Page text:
|“Life moves pretty fast. If you don’t stop and look around once in a while, you could miss it.”|
Every generation has a movie or two they grew up with and that was particularly influential to them as kids or teenagers, echoing the vibe of their time, inspiring them to adventure and pushing the boundaries of the society they live in. For the 60ies it was The Graduate, for the 70ies it was films like Grease. I’m not sure what it was for today’s generation of teens, but if I am to believe my students, it’s movies like American Pie or Clueless…them poor souls!
The 80ies were good times: we had films like Stand by Me, The Goonies or Ferris Bueller’s Day Off in 1986, to kindle our impressionable imagination. If you’ve never watched Ferris Bueller, then I really suggest you do – it’s not only a great laugh and 80ies flashback with memorable acting and quotes, but a hyperbolic metaphor on getting more out of life if only you dare to “stop and look around every once in a while“. Ferris is one of the big movie cult figures of the 80ies generation because of this.
Taking a day off from the race
Looking back on several topics and bottom lines players are currently drawing for WoW, while turning their eyes on Cataclysm, I feel a little gloomy about the rushed pace the game’s been taking since its latest installment. There’s been an increased pressure to optimize and increase gaming “efficiency” in WoW which has been documented and discussed over many a blog. Tesh struggles with his inner demon, driving him to catch up and optimize in one of his latest blog posts, where he forces himself to take it easy because “efficiency is a natural enemy of exploration and experimentation”. Shintar has written a very thoughtful comparison between applying for a WoW guild and going to a job interview. And there’s been various other posts discussing cookie cutter specs in WoW and the pressure all players feel to min/max and optimize, debating various solutions.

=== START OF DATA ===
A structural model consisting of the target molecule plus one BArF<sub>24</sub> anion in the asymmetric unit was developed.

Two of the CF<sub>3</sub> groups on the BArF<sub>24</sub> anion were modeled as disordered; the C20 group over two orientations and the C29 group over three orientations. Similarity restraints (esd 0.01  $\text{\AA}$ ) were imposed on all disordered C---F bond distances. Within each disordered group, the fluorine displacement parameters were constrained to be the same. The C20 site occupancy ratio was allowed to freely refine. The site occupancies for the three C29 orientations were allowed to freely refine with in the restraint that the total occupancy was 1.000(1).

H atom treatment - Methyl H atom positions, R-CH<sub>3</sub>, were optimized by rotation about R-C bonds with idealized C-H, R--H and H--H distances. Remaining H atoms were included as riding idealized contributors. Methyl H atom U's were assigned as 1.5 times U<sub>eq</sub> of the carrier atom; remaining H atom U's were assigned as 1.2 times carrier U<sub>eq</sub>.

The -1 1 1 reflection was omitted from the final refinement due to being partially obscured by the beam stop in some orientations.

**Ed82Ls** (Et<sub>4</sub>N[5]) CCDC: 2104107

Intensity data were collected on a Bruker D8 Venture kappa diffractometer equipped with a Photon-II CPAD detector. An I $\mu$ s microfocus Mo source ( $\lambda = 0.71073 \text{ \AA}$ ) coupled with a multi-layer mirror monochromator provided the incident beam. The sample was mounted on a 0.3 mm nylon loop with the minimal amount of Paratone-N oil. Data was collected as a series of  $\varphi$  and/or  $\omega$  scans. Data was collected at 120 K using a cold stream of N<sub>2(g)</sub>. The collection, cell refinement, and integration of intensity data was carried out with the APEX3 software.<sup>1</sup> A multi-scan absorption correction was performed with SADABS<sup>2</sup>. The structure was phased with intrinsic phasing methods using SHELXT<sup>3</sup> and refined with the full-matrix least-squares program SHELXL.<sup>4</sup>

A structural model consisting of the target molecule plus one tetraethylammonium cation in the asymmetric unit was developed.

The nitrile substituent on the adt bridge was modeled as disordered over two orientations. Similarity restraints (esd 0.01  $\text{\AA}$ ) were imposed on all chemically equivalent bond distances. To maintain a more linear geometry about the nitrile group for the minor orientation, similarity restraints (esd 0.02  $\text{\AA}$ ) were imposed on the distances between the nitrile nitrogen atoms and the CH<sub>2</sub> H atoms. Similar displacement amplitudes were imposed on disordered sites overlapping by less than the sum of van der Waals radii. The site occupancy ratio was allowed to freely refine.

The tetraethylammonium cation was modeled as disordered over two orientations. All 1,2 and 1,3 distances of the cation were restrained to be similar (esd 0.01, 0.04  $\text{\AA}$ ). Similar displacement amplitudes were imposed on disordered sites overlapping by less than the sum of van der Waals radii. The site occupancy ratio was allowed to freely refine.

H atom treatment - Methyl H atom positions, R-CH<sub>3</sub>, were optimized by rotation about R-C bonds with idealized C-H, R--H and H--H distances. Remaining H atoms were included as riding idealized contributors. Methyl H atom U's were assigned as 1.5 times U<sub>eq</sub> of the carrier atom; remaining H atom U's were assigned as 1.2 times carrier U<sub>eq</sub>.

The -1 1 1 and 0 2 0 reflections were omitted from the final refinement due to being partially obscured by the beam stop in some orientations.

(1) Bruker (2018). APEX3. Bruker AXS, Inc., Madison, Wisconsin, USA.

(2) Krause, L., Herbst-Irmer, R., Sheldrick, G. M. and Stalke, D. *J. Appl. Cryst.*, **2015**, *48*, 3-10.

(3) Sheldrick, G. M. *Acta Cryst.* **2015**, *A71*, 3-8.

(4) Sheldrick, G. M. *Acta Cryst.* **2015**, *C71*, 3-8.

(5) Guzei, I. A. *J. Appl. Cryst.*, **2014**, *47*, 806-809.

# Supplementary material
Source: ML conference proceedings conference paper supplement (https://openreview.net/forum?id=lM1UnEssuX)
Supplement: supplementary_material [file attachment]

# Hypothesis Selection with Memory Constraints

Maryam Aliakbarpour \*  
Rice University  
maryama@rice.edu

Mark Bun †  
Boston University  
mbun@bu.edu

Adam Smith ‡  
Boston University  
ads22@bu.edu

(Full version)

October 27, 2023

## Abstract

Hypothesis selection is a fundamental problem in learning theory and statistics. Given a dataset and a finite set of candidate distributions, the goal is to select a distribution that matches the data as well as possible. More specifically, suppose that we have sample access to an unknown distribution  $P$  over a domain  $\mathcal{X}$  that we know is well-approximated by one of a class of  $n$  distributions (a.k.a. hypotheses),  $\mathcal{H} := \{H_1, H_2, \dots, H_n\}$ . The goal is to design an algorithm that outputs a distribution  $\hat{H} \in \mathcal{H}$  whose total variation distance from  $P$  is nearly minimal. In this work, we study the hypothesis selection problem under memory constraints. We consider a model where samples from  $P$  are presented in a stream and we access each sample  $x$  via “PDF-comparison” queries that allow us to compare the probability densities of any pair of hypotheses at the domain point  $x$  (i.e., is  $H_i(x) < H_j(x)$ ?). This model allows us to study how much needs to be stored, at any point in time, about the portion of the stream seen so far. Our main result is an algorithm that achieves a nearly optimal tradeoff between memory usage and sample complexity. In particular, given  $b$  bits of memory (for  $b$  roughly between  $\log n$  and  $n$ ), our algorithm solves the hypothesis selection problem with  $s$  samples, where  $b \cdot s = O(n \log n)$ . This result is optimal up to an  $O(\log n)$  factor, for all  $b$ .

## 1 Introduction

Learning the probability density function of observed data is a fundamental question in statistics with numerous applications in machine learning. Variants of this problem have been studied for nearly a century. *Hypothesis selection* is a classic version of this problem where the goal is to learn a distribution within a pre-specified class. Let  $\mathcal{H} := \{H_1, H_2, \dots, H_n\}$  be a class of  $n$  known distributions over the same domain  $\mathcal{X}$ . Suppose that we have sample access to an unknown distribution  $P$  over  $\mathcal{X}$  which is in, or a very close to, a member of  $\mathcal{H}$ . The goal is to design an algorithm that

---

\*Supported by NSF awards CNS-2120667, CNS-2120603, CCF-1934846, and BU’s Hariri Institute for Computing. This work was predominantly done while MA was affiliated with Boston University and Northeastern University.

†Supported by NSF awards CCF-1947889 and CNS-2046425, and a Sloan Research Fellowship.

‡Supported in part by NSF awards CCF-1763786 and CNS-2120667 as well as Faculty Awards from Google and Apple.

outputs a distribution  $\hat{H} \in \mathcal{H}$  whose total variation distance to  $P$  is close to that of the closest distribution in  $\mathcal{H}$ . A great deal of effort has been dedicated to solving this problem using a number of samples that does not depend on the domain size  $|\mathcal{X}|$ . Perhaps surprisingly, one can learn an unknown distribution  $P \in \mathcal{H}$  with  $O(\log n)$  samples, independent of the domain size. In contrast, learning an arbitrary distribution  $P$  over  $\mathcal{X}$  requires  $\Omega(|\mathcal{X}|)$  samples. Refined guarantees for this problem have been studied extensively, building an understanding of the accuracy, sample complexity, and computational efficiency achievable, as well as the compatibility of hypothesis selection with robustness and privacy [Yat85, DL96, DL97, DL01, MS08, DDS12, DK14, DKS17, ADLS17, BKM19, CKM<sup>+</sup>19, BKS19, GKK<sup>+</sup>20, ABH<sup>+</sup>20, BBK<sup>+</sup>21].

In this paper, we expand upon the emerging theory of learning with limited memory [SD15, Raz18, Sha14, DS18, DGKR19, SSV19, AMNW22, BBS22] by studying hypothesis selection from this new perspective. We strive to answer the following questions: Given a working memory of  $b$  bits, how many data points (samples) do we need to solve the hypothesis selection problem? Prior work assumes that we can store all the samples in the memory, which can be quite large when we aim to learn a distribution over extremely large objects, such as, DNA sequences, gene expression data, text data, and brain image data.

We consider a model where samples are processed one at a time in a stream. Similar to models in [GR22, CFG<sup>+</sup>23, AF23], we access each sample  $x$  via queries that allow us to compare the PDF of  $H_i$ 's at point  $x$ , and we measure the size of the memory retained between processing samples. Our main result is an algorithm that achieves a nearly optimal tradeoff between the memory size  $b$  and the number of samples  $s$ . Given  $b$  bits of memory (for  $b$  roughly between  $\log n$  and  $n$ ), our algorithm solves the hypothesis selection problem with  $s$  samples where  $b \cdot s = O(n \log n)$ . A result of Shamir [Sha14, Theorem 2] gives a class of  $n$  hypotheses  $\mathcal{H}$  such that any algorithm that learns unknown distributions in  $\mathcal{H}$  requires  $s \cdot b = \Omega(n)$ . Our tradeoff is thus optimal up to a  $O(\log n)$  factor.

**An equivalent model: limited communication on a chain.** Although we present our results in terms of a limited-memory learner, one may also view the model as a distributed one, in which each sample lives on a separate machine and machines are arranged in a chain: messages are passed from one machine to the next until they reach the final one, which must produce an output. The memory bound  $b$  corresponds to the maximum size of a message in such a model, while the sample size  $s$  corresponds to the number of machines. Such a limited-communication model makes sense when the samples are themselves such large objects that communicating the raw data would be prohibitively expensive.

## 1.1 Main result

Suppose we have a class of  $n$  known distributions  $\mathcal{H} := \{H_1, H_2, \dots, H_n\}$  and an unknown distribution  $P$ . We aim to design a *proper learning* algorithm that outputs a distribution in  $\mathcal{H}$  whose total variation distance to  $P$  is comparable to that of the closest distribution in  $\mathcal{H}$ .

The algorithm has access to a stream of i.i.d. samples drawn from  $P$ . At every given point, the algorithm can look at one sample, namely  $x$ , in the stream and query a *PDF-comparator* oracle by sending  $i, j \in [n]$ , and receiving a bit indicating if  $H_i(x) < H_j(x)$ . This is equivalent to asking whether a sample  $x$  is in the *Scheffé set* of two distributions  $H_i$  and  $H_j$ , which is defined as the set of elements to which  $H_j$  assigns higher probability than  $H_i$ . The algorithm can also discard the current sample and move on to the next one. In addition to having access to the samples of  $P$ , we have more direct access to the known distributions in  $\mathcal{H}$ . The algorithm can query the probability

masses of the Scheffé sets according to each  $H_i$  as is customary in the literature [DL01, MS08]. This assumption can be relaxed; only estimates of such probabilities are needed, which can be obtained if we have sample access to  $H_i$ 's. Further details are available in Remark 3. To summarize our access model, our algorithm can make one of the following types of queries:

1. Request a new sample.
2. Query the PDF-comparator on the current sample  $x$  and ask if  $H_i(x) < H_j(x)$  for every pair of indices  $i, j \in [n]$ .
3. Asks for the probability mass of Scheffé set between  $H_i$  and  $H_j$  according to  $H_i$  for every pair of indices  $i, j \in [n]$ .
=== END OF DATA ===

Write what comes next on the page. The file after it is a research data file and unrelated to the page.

Personally I doubt this trend of efficiency will stop in Cataclysm and I think it’s going to be very hard to stay away from it, even for the more laid-back players. Blizzard’s continued endeavor to make everything as transparent as possible in the game, via combat data, armory or achievements, is furthering the obsession to perfect and optimize every aspect in the game – for no better reason than because you can.
And whether you like it or not, you will find yourself facing situations in pugging as much as guild raiding, where you will be measured by these standards and hence feel pressured to meet them. It’s impossible to turn back the wheel of time.
My new expansion’s resolution: the Ferris Bueller Way
I know that in Cataclysm I don’t want to play the game like that. I want to stop worrying about optimization and explore my own way through the new expansion, making the “newbie feeling” last as long as possible. I want to experiment with gear and specs without reading up beforehand. I won’t join groups or raids that require me to cookie-cut everything or show my achievements. A game shouldn’t feel like a job – it should be an escapism. I don’t want to feel pressured to follow the dogma of efficiency in a game that doesn’t actually require you to optimize in order to experience 98% of its content.
I will take off a Ferris Bueller day, only I’ll make it weeks. I will skip school and create my own adventure, generate my own quests and challenges, exploring at my own leisure and enjoying the little secrets that make a game so much more special.
I know it will take a lot of mental effort and all of my inner Zen to achieve this – I am a very perfectionist, driven and calculating person. It’s been the only way of playing WoW for me the past 5 years. But I do refuse to enter the competition this time around: yes, I will quench my inner demon! When Cataclysm hits, I will ignore everyone and everything around me (lalala!), take a deep breath and do exactly this: play the game like a game. I hope I’ll succeed.